An old but underrated practice that is now a growing concept for the new millennium, organic farming can be the most practical and healthiest way to boost food production and address food insecurity.

 

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Organic farming is an alternative principle to conventional farming: growing food without the use of synthetic chemicals, artificial fertilizers, genetically modified species, and excessive irrigation. Food insecurity, rapid environmental deterioration, and the rise in the number of people consuming contaminated farm produce made organic farming more popular in recent years. The number of organic growers is rapidly rising and more individuals are finding immense nutritional benefits from eating clean, fresh, and chemical-free farm products.

 

Organic farming has traditionally been viewed as a cost ineffective strategy to producing food—despite its claims for very minimal environmental and health repercussions. Maintenance isn’t cheap and final prices in the markets could be skyrocketing. However, according to a study conducted by the American Society of Agronomy, organic farming is in fact economically sustainable over the long term.

 

“An analysis of 18 years of crop yield and farm management data from a long-term trial, an organic crop rotation was consistently more profitable and carried less risk of low returns than conventional corn and soybean production, even when organic prime premiums were cut by half.”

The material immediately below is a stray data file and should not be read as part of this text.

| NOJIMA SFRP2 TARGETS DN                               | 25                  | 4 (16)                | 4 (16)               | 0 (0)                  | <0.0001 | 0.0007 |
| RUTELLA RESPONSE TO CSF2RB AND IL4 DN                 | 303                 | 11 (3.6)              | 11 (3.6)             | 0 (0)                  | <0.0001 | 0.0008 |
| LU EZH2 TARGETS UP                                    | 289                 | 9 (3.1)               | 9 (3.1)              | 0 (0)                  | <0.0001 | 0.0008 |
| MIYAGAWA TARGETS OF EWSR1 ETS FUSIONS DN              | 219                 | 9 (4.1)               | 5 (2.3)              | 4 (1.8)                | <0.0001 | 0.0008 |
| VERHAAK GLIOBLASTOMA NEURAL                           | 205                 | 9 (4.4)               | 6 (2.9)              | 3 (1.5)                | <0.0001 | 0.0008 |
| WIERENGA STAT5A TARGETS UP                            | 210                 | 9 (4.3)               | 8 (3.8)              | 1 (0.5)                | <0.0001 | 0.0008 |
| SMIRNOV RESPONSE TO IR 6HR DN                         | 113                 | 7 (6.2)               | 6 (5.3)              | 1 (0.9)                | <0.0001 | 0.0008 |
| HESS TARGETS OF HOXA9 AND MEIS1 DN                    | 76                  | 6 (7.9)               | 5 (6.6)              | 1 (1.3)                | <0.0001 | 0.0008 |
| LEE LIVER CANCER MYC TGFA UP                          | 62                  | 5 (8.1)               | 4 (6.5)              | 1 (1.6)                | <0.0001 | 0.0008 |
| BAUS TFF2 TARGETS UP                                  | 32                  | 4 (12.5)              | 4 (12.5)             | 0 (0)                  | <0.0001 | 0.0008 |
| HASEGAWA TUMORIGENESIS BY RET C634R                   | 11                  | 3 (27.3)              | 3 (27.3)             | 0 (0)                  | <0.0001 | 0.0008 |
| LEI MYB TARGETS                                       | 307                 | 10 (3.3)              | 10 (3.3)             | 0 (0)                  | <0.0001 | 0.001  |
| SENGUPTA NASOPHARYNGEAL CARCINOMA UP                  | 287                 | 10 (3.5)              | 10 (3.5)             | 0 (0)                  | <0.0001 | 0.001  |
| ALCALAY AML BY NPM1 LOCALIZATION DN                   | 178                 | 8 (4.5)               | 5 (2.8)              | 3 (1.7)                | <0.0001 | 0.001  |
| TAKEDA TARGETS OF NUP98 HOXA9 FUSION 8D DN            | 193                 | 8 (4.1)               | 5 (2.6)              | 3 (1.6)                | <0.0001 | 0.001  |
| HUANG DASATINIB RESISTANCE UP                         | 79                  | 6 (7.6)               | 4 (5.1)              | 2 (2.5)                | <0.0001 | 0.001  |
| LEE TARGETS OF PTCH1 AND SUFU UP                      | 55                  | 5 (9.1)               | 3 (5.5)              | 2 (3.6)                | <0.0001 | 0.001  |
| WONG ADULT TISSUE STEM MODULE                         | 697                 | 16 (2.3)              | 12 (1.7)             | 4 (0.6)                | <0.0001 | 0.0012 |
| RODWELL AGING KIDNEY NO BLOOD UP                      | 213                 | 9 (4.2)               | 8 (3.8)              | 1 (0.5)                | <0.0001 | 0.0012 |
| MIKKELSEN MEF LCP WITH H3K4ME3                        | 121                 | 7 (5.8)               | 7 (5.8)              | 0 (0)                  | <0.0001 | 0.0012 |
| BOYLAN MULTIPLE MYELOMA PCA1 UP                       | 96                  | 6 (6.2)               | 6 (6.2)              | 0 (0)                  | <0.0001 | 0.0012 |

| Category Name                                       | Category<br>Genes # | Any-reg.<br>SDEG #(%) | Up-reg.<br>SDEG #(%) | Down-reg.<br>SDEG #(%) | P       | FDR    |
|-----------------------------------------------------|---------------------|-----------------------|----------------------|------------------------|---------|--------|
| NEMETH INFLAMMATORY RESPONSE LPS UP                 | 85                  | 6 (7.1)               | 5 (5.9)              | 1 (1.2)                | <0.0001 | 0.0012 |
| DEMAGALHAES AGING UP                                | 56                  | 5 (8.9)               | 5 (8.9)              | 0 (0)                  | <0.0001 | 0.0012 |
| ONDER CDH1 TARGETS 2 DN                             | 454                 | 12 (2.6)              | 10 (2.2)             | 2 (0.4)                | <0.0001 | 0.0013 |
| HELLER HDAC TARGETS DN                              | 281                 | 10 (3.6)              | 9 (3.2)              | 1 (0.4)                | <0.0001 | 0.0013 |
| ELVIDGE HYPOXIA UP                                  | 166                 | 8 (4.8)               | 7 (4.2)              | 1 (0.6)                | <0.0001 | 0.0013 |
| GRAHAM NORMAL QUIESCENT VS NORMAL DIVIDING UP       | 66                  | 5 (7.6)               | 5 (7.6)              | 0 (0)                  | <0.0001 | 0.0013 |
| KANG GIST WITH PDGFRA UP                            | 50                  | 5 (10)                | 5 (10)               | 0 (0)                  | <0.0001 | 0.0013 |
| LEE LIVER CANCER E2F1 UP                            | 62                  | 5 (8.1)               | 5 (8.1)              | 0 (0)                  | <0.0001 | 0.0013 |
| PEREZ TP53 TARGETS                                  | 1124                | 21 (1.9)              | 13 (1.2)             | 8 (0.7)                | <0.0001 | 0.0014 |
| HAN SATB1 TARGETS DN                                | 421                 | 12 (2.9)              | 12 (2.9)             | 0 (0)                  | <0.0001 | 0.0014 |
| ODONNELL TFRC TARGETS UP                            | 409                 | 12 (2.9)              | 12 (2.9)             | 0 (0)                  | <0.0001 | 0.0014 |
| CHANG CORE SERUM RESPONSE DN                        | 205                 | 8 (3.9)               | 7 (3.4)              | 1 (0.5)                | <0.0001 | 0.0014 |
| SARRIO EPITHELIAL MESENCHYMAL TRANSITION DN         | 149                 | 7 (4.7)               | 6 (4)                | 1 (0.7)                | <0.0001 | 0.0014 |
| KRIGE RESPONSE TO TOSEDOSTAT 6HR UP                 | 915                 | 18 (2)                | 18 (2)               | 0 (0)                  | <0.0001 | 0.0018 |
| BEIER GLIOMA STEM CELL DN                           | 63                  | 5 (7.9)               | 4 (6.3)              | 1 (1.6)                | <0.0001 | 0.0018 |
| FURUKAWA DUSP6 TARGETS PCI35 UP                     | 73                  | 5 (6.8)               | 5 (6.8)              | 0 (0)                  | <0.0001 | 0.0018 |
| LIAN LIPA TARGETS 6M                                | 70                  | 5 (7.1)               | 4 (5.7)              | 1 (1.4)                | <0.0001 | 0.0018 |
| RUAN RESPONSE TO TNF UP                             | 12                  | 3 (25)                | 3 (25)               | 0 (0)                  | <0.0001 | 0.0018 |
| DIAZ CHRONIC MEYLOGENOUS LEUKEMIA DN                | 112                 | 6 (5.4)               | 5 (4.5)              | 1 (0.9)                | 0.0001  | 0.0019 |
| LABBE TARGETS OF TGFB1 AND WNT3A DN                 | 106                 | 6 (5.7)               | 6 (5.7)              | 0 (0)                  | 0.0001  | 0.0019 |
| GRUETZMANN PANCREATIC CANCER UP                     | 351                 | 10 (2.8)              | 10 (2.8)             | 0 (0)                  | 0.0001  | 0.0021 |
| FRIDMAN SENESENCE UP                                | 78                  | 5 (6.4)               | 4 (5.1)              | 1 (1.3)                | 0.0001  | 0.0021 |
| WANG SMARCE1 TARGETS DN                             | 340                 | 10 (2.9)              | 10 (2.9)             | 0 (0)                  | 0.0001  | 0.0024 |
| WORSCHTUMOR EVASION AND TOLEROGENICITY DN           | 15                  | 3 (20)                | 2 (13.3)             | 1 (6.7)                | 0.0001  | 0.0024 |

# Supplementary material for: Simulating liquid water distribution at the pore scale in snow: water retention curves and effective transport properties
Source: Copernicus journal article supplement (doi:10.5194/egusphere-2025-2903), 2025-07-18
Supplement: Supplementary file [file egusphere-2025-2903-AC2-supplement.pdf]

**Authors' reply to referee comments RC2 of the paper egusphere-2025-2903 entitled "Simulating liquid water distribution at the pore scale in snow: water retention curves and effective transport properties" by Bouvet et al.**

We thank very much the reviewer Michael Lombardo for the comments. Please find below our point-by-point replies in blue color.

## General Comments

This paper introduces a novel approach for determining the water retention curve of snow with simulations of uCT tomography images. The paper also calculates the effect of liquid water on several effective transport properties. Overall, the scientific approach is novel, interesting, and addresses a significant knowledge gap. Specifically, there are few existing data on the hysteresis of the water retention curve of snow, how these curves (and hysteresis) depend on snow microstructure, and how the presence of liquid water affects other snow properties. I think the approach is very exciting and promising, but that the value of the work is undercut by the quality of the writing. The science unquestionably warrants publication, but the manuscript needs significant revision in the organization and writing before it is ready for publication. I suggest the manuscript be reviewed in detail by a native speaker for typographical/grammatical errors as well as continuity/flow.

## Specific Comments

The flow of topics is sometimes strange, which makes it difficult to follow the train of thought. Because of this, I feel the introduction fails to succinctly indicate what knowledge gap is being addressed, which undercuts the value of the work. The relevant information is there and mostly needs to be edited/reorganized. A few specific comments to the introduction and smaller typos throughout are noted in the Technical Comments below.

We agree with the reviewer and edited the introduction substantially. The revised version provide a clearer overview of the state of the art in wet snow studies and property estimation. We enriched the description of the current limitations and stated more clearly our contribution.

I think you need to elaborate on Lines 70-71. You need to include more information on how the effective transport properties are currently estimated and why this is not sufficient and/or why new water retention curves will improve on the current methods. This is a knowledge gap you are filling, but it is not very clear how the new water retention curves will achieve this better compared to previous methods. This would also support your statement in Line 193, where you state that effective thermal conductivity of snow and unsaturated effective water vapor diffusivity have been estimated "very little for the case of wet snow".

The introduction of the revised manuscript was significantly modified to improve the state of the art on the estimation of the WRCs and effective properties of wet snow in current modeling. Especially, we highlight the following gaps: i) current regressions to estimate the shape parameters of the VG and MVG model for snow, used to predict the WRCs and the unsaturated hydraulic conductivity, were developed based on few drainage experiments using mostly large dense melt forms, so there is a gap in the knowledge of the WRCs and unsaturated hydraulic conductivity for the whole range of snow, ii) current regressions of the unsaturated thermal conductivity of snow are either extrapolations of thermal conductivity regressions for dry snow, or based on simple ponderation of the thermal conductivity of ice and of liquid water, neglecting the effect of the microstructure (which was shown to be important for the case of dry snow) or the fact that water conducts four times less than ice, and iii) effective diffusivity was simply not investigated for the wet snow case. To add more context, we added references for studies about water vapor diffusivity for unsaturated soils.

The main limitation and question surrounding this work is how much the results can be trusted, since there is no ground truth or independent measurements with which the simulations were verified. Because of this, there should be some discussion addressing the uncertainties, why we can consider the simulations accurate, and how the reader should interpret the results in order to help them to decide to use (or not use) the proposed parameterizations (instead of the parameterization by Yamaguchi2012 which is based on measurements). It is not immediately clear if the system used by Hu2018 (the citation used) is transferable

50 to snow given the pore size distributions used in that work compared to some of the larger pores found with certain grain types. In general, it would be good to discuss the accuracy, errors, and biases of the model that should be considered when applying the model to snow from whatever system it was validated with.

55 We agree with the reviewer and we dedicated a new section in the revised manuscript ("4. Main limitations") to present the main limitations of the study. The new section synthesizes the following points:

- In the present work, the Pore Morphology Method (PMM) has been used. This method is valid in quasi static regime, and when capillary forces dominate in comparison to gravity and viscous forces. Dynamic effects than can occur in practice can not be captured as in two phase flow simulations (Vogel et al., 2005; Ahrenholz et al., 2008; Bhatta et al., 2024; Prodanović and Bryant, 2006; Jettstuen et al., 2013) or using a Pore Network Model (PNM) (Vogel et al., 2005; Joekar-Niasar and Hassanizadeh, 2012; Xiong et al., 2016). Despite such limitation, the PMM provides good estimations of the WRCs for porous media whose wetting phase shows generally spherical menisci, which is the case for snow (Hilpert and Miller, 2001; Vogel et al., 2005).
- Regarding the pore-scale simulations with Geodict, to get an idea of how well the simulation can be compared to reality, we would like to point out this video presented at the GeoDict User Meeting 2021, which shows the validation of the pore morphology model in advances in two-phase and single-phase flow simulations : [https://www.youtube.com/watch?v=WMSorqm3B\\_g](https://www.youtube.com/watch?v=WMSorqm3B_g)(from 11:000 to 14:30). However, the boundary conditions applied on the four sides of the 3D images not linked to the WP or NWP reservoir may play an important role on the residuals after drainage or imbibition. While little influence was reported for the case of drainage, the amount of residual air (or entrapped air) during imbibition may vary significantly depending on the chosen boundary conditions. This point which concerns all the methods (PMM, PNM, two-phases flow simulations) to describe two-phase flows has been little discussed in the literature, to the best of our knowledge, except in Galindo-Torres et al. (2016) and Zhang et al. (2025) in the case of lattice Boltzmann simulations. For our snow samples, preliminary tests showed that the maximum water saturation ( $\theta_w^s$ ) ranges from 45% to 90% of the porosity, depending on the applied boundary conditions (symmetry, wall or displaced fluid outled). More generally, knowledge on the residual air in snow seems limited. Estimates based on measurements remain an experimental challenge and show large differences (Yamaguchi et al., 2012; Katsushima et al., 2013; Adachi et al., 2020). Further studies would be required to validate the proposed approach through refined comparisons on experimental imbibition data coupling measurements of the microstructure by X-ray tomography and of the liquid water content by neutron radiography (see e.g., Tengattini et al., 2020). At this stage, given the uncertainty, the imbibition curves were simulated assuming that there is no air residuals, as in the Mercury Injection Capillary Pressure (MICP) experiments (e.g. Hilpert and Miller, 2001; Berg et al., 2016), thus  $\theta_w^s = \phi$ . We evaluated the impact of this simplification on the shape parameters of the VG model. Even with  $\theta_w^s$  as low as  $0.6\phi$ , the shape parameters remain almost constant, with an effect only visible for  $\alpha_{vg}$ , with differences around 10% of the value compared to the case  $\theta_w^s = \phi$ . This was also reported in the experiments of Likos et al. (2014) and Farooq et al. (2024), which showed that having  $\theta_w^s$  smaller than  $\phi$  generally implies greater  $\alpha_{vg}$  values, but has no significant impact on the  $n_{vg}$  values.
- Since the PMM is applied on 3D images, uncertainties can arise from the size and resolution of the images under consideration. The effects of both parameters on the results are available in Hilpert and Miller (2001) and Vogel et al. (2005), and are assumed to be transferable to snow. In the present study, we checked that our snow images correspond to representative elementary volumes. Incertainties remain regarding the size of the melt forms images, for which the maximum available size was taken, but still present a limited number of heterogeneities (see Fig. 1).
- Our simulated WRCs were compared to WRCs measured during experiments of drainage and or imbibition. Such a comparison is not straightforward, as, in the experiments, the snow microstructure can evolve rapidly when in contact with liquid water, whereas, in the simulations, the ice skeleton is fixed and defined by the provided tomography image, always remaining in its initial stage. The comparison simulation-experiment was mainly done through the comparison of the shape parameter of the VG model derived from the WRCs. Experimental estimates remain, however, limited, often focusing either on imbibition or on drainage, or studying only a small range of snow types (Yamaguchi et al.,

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Setting up organic farms can come with a high price tag, especially when advanced technology is employed (such as LED chlorophyll activation). Upfront costs can easily overwhelm any investor and will inevitably drive high product prices once it gets operational.  However, the landscape for organic agriculture is rapidly changing. New farming techniques have been proven to be economically viable and government subsidies are growing. In closed looped organic farms (particularly aquaponics), for example, water is conserved tremendously as it is used in a cyclic but healthy way.  In vertical farms, production is more than tripled when compared to a traditional farm land covering the same area.

 

In regions where strong community relationships exist, organic farms thrive as a private and minimally capitalistic livelihood. Community-based organic farms contribute to good health and nutrition for the population, equal wealth opportunities among farmers, better connections between people (because food is a critical aspect of ethnic cultures), and more liberal decisions for farmers, not corporations, to decide which crops to grow in their farms.

 

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There is vast potential within the organic farming community for growers, investors, and consumers to tap into. The industry is yet to peak, but as analysts and experts point out, it can be a lucrative opportunity over the long haul.